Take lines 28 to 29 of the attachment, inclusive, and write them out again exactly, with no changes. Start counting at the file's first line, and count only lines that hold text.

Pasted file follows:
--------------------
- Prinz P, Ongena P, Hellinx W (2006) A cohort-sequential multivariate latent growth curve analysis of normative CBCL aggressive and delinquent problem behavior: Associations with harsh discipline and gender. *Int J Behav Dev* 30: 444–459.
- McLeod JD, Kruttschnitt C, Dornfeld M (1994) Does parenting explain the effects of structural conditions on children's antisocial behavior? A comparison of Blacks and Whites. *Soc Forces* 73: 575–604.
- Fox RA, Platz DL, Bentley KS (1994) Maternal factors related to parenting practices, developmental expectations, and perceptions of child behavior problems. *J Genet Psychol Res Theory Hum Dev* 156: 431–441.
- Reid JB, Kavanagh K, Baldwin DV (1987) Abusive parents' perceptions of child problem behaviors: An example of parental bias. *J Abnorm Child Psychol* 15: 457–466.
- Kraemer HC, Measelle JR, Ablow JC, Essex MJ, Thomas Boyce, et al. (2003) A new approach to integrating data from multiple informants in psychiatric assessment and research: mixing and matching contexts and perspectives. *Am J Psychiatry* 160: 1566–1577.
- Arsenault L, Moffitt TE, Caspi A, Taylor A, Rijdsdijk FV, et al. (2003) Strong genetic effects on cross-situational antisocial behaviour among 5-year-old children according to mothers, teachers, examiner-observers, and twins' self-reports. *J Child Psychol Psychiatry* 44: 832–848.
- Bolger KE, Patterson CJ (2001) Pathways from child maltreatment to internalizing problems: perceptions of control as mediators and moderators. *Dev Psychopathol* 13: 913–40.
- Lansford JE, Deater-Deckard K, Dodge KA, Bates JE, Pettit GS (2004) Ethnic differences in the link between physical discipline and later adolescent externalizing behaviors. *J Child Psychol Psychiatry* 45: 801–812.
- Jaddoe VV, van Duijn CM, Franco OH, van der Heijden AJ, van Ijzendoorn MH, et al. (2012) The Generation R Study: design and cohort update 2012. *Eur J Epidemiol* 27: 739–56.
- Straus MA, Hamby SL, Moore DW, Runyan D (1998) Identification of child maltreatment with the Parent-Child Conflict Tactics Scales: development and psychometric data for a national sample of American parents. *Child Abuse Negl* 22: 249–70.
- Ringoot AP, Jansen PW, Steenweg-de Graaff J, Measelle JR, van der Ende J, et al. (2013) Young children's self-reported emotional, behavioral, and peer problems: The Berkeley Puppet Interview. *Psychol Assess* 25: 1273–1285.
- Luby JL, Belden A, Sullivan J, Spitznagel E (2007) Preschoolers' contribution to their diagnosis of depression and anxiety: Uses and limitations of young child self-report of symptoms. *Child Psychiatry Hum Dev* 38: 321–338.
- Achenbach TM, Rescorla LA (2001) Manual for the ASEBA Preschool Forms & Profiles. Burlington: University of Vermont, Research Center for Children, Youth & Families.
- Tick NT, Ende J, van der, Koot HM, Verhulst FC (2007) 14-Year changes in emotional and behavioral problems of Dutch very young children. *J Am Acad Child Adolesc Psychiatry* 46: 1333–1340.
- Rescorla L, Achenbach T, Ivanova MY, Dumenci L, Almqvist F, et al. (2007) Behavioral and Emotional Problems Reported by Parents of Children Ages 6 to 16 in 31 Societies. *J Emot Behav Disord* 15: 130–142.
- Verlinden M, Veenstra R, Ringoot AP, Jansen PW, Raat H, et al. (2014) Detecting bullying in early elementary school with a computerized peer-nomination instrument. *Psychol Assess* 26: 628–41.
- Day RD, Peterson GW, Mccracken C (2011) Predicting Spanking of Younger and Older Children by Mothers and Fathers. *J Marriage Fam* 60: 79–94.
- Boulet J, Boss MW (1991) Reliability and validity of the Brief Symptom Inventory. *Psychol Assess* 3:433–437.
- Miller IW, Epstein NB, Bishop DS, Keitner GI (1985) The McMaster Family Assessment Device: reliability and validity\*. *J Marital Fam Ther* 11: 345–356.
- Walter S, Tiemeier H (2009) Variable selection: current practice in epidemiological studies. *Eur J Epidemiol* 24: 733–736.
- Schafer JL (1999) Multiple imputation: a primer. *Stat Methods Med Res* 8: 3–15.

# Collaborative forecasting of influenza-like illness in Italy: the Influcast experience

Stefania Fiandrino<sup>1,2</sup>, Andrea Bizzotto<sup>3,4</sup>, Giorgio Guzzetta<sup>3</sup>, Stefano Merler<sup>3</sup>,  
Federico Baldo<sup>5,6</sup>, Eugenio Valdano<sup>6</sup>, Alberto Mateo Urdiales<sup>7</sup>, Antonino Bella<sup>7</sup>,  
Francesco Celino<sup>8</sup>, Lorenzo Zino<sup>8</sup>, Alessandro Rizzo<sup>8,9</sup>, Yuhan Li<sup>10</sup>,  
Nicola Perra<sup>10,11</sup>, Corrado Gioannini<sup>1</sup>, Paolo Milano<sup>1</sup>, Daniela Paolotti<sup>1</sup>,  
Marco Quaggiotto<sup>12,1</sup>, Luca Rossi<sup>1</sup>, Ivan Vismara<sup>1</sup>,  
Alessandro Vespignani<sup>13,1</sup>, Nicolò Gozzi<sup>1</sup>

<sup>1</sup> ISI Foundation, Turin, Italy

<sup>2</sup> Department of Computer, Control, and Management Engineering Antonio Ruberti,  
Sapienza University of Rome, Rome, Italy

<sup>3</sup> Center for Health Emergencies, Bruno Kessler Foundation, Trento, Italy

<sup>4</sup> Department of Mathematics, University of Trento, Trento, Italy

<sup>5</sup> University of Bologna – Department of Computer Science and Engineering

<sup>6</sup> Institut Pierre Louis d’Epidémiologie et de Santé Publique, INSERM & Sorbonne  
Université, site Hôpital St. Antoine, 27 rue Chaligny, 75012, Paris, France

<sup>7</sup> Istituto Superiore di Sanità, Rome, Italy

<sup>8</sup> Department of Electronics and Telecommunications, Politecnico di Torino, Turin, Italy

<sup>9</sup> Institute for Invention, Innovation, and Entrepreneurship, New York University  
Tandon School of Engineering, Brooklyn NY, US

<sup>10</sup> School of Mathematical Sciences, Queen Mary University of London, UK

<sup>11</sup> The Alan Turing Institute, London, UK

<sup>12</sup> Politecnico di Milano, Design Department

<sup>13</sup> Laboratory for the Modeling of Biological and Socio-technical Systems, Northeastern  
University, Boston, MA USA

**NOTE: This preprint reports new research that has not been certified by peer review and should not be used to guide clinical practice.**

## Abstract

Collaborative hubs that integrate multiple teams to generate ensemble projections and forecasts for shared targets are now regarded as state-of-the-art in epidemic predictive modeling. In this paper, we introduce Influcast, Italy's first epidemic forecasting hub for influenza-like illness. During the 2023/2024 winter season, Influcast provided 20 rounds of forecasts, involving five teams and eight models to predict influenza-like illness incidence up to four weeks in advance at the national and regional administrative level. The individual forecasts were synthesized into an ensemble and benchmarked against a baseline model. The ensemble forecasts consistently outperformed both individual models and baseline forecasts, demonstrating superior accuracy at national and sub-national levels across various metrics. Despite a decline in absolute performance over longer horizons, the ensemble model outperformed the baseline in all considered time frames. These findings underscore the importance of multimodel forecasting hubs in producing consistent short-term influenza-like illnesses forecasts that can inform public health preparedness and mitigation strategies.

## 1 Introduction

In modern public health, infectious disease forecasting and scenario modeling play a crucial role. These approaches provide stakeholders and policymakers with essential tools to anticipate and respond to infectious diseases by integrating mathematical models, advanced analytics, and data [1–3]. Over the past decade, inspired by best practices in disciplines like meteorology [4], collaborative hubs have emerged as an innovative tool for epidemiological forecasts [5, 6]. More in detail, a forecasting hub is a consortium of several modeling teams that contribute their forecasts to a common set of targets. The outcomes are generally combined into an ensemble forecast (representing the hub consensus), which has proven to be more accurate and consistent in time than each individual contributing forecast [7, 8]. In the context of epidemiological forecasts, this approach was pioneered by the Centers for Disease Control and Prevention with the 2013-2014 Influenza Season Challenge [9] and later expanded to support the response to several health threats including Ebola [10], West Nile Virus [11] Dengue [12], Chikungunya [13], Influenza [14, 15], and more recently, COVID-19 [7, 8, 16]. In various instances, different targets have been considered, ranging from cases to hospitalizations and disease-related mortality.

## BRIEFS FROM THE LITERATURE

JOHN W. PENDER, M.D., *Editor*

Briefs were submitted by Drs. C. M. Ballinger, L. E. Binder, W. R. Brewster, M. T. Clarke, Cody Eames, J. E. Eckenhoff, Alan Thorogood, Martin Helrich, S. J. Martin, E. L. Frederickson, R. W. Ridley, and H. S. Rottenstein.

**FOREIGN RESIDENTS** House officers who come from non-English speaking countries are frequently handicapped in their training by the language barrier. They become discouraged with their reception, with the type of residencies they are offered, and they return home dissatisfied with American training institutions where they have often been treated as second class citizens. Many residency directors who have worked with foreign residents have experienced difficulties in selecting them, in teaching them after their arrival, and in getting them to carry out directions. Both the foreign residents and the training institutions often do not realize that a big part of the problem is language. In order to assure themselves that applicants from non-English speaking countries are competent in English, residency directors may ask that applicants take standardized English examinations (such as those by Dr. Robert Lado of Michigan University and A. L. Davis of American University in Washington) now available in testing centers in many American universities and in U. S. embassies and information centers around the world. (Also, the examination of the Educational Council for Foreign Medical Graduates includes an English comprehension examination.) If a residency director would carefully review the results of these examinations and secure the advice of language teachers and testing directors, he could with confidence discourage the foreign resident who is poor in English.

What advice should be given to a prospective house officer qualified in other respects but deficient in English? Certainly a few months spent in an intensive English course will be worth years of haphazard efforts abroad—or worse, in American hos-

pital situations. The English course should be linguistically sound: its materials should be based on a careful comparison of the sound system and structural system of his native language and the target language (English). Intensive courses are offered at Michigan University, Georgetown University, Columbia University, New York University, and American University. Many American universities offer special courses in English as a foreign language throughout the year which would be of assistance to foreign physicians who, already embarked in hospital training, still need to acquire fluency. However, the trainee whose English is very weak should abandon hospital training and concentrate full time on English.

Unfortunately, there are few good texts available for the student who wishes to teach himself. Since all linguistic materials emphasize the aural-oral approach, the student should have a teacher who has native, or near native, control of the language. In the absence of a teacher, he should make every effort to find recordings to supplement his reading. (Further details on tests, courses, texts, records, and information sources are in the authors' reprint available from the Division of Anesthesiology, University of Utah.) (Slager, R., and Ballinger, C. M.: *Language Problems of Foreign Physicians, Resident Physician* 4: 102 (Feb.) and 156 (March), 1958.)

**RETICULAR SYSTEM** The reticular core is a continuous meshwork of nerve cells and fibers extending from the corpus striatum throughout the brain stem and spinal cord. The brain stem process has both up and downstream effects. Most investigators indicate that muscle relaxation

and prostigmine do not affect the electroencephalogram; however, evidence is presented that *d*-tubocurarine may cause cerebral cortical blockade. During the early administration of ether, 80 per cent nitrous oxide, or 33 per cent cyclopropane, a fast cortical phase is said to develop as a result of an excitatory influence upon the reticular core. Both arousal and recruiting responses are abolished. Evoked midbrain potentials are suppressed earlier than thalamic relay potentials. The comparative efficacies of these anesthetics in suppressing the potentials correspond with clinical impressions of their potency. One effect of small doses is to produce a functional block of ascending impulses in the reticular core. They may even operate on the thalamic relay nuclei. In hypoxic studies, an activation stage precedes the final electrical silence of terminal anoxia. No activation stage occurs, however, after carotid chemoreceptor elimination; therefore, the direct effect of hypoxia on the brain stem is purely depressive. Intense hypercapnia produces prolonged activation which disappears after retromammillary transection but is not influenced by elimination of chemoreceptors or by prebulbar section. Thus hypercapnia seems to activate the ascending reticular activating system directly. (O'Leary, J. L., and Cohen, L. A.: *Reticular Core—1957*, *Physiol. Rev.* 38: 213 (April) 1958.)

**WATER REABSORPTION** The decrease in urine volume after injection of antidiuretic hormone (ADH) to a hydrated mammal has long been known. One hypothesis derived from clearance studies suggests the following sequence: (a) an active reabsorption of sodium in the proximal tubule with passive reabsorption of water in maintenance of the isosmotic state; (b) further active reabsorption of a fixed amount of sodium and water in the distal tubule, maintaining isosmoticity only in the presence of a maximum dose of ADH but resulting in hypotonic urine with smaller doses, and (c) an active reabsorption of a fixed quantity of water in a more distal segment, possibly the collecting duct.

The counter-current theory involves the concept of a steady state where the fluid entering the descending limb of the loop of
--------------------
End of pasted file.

Alessandro Vespignani<sup>13,1</sup>, Nicolò Gozzi<sup>1</sup>

<sup>1</sup> ISI Foundation, Turin, Italy